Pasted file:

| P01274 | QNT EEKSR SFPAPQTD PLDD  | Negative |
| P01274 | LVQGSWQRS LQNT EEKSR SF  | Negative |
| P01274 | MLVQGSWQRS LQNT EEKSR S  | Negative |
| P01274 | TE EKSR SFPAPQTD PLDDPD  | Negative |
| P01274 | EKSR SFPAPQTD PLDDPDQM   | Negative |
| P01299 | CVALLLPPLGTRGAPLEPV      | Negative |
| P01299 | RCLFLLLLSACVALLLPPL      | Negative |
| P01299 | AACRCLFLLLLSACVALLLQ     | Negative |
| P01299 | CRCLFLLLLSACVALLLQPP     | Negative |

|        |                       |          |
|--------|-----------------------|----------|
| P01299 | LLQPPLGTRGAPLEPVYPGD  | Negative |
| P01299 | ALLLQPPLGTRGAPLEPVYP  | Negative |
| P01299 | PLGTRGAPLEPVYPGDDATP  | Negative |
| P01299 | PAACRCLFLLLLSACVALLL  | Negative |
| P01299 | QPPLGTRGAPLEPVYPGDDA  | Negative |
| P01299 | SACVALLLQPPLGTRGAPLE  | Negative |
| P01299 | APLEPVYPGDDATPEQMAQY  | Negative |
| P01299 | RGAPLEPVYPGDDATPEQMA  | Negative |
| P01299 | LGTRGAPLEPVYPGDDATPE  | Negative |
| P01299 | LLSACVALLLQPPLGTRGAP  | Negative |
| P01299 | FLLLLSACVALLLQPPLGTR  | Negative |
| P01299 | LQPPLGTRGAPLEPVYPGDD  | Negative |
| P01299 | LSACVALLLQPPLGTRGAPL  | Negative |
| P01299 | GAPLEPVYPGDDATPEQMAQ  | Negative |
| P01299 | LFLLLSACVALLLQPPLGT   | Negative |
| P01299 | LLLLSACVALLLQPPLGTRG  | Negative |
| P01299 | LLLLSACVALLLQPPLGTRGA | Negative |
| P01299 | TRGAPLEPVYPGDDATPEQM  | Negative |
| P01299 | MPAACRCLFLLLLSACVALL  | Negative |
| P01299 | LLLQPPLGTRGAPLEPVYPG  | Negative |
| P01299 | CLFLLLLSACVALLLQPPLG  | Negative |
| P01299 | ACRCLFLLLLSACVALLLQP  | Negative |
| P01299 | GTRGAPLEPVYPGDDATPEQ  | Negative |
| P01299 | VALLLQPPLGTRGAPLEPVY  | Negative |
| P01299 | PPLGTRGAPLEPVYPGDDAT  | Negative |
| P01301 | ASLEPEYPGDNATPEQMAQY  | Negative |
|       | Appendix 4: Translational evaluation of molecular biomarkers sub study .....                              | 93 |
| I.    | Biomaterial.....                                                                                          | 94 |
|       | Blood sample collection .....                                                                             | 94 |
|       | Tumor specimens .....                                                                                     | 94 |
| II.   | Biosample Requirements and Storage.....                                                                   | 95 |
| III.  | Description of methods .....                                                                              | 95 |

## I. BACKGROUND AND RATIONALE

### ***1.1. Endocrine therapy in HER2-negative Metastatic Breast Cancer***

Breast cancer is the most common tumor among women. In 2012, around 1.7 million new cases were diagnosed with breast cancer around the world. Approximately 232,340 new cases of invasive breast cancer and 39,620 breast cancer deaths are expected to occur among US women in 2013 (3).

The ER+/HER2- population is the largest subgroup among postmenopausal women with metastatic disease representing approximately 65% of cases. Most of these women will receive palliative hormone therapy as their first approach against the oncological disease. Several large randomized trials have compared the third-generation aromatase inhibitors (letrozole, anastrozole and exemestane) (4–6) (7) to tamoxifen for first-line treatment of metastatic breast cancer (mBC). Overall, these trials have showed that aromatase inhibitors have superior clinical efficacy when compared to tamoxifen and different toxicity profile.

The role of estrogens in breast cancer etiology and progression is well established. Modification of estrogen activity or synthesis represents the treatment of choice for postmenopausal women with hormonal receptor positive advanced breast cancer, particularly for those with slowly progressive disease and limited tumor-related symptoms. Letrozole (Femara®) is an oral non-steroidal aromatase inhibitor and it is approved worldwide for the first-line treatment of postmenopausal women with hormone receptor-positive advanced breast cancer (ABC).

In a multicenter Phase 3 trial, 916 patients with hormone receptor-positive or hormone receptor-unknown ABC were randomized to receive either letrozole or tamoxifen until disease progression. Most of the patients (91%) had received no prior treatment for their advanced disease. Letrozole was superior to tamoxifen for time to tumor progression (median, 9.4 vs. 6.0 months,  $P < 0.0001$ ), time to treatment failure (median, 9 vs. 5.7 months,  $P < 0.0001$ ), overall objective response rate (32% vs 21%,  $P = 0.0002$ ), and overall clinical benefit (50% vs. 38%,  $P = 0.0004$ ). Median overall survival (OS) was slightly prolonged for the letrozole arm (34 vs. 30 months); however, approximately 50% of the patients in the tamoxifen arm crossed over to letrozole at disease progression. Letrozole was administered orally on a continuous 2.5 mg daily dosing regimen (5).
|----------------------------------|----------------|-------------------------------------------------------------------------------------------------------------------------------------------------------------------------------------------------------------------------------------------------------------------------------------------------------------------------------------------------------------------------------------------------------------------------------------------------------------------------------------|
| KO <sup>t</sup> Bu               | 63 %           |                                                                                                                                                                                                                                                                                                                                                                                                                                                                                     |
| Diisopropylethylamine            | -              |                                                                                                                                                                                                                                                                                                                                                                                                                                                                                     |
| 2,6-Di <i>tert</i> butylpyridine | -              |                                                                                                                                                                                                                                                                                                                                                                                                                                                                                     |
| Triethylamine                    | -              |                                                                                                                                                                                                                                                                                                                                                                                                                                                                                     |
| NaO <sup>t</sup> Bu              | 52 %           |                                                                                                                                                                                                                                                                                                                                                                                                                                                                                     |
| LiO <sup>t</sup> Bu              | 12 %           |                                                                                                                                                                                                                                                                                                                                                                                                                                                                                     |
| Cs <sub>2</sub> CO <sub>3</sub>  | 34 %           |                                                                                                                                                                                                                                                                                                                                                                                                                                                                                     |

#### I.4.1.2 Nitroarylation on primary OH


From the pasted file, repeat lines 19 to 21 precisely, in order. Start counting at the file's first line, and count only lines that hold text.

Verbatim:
| P01299 | RGAPLEPVYPGDDATPEQMA  | Negative |
| P01299 | LGTRGAPLEPVYPGDDATPE  | Negative |
| P01299 | LLSACVALLLQPPLGTRGAP  | Negative |